About Me

Saturday, August 31, 2013

Narrativism Revisited

Narrativism can be broadly defined, and so is role-playing. Lucky for me, I evolved my ideas of what D&D should be in near isolation, and took at face value that DM tells a story of what is going on, and the players tell him what their characters do in that story, and the rules are used to make realistic outcomes.

From the beginning I realized that the D&D rules as presented, were not realistic, too abstract, too based on luck and too linear, so I broke away from it. Over years I realized the moral implications that D&D suggested, an old cop, when  I explained D&D to him, laughed and said, "your D&D adventure is basically an armed robbery - break down the door, kill the owner, take his property". Later still,   I realized that miniatures is not the most accurate way to portray combat or make the characters visualize or experience it. I became  a fan of phenomenology. And so, I became a fan of my very own historically accurate and tactically realistic, thoroughly fantasy sand-box.
Railroad adventures give narrativism a bad name. Most sand-boxes and hex crawls fizzle, because they lack the conflict and urgency of a story. Some DM's call Sign-posting, the practice of telling the players exactly where the DM wants the players to adventure in his sandbox. I reject sign-posting, and boss monsters, and power-players, and make my rules the bane of any power player who tries to figure out the optimal approach, by basing it on what is known in the real world based on research, and nothing is more complex or overwhelming than the real world.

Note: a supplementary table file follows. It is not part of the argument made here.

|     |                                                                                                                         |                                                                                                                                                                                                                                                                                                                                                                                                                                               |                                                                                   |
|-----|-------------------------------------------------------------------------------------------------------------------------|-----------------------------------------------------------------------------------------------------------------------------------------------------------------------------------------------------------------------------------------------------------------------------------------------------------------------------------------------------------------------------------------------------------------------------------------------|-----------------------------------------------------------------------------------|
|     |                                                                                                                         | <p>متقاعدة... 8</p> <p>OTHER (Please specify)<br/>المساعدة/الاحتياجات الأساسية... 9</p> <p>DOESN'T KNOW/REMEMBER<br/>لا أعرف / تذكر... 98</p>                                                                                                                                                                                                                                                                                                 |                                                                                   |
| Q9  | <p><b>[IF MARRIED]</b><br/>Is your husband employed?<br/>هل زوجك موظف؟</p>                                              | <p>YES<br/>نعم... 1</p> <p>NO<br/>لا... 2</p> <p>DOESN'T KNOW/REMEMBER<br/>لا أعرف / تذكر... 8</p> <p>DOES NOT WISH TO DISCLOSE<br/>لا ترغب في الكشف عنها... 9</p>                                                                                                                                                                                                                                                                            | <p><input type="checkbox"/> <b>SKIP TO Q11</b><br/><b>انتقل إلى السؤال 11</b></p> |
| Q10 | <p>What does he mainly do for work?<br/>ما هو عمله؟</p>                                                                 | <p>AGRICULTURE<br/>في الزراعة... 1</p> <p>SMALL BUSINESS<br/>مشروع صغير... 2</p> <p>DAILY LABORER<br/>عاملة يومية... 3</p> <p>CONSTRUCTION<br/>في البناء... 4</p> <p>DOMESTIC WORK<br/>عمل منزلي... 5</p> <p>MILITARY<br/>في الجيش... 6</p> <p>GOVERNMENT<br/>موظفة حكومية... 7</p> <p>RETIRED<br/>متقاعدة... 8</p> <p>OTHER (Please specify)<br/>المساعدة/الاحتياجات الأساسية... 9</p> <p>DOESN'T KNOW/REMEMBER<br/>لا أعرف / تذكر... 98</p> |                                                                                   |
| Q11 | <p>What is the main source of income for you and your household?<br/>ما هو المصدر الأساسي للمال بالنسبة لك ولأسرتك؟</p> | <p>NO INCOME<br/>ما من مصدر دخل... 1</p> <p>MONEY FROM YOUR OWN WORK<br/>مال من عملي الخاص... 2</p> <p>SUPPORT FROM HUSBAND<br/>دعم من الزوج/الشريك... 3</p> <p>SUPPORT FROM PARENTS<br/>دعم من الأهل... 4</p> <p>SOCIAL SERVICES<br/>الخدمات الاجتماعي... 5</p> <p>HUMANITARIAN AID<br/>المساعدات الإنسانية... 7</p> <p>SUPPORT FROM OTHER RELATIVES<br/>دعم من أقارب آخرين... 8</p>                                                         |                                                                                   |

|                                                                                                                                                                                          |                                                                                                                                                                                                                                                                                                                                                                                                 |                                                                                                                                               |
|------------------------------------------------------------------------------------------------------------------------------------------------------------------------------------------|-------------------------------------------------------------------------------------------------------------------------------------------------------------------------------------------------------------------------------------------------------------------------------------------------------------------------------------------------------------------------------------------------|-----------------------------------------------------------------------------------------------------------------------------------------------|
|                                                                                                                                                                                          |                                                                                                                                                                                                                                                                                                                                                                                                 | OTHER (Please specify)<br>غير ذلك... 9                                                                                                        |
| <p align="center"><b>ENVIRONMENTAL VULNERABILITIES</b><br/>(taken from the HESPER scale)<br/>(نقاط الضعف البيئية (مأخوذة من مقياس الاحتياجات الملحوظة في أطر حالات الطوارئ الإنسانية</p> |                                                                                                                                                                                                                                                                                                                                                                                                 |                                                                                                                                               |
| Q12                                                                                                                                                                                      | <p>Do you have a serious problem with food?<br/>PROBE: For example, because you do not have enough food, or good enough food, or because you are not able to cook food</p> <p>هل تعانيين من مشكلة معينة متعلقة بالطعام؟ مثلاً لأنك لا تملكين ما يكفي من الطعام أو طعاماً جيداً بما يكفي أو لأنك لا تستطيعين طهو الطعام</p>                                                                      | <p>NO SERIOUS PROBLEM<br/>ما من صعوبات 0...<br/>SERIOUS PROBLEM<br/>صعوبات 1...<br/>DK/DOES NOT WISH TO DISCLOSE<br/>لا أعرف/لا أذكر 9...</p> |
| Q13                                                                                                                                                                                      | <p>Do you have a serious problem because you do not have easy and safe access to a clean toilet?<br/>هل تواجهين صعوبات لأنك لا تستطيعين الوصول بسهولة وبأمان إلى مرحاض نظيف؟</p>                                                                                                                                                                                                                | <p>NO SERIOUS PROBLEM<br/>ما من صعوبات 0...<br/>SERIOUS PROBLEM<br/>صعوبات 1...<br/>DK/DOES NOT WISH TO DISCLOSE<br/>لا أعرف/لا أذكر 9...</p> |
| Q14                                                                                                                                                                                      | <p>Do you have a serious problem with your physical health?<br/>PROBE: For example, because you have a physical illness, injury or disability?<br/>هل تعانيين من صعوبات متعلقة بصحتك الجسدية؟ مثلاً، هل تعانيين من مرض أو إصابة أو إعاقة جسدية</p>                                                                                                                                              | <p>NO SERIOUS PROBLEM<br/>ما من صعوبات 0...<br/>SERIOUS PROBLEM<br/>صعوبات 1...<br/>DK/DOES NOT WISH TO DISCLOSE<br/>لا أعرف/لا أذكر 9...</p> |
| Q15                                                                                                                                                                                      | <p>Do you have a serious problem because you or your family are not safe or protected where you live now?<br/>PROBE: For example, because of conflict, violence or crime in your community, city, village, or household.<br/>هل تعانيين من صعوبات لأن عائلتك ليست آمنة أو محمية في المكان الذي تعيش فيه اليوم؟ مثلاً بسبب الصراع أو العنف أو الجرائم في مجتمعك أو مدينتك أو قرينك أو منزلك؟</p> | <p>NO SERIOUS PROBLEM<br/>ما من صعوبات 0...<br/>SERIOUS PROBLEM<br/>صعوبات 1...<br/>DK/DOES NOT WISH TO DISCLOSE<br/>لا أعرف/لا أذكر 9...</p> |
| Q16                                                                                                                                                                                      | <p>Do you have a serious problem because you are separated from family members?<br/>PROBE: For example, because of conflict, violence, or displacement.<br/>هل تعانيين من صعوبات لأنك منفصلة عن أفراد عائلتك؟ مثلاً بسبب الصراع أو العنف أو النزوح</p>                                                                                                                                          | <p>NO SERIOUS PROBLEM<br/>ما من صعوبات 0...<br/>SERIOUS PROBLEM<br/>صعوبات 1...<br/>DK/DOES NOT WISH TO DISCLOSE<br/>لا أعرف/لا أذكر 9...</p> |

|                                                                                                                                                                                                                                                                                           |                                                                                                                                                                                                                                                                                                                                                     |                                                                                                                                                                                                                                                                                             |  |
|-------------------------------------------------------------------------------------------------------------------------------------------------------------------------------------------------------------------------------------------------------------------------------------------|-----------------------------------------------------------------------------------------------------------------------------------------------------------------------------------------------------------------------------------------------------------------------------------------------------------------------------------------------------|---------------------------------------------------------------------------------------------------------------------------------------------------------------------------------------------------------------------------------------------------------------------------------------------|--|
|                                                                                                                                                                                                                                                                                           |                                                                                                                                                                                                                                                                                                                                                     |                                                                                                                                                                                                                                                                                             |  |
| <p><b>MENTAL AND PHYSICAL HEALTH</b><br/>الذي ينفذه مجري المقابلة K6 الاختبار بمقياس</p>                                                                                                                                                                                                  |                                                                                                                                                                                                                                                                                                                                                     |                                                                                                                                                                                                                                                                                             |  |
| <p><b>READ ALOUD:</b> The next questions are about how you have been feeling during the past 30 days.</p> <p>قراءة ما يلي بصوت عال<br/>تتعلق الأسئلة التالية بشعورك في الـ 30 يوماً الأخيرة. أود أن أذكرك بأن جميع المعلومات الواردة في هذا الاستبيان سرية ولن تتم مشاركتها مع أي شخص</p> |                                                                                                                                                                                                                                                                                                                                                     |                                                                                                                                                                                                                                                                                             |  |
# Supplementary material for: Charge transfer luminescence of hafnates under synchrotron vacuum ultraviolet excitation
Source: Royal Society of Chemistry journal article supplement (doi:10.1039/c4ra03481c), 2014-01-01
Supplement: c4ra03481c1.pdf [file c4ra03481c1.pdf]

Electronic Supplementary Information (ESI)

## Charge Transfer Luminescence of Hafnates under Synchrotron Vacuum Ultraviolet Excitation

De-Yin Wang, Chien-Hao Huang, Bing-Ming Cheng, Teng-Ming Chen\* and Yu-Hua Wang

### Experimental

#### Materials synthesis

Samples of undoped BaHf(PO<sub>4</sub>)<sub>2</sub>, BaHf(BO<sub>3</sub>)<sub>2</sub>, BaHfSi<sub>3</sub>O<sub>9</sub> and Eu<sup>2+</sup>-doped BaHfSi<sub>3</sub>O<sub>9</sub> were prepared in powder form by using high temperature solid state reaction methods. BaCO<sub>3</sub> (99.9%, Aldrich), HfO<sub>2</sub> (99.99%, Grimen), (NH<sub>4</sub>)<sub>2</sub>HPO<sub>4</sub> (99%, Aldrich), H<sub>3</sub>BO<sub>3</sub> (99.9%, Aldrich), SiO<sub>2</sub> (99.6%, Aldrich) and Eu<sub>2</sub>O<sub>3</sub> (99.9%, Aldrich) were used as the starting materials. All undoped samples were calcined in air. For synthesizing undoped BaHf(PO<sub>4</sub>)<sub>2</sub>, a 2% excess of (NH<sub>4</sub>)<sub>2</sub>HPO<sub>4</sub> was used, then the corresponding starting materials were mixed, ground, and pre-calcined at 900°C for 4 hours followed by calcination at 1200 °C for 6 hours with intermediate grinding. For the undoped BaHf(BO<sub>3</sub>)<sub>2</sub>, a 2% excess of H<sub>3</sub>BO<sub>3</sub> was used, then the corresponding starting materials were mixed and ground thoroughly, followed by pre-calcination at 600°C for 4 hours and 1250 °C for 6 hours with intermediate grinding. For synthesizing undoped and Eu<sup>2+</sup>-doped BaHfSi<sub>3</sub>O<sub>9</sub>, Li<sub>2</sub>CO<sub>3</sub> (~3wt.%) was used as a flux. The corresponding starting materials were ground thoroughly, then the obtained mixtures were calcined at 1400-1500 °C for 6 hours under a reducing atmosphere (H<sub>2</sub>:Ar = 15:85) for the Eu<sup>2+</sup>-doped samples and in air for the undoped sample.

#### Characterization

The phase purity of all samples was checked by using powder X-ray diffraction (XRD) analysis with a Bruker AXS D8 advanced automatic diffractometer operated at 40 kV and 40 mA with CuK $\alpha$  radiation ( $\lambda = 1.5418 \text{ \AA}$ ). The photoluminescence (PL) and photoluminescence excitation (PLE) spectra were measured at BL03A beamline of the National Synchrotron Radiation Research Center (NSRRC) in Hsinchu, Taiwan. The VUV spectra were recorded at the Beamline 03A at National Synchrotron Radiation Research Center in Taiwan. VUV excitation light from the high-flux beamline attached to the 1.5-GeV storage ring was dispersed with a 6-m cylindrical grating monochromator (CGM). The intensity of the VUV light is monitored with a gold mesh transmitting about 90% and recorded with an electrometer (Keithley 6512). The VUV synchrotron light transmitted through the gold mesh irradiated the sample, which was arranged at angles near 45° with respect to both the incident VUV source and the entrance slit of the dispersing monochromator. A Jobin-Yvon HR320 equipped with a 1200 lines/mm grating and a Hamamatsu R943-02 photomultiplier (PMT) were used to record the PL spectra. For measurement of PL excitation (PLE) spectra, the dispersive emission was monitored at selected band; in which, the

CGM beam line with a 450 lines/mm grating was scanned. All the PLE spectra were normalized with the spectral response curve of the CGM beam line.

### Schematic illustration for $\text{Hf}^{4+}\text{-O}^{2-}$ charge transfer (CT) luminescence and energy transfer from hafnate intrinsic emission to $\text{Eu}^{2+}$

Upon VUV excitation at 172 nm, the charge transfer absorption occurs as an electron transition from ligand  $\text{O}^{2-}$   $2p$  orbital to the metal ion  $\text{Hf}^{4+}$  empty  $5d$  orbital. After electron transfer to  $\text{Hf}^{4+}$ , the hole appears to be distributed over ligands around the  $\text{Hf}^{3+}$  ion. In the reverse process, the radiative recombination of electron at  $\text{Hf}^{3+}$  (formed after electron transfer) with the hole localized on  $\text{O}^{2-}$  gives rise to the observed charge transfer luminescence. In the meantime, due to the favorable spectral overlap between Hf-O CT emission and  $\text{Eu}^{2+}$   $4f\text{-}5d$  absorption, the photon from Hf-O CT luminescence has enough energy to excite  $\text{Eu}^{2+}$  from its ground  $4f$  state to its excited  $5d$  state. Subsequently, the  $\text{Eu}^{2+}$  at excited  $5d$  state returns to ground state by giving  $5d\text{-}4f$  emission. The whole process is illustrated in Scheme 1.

And so, almost all the players I had have been uncomfortable about getting into character and role-playing, and I don't have a problem about players talking in the third person: "Zorg does this... Zorg does that... Zorg". One guy was stammering and was clearly uncomfortable with dying people screaming, crying and begging for mercy, or having to role-play his character comforting crying children who just lost their parents. In his case, the limits of his emotional depth interfered with him interacting with the game world. He stayed. Another quit. My best player never role-played, and when my players got into character and actually role-played, the players' agency (initiative and ability to get things done in the game world), went through the roof. So, I am not forcing the players to role-play, and can get along without any, but I sure am glad, when it happens.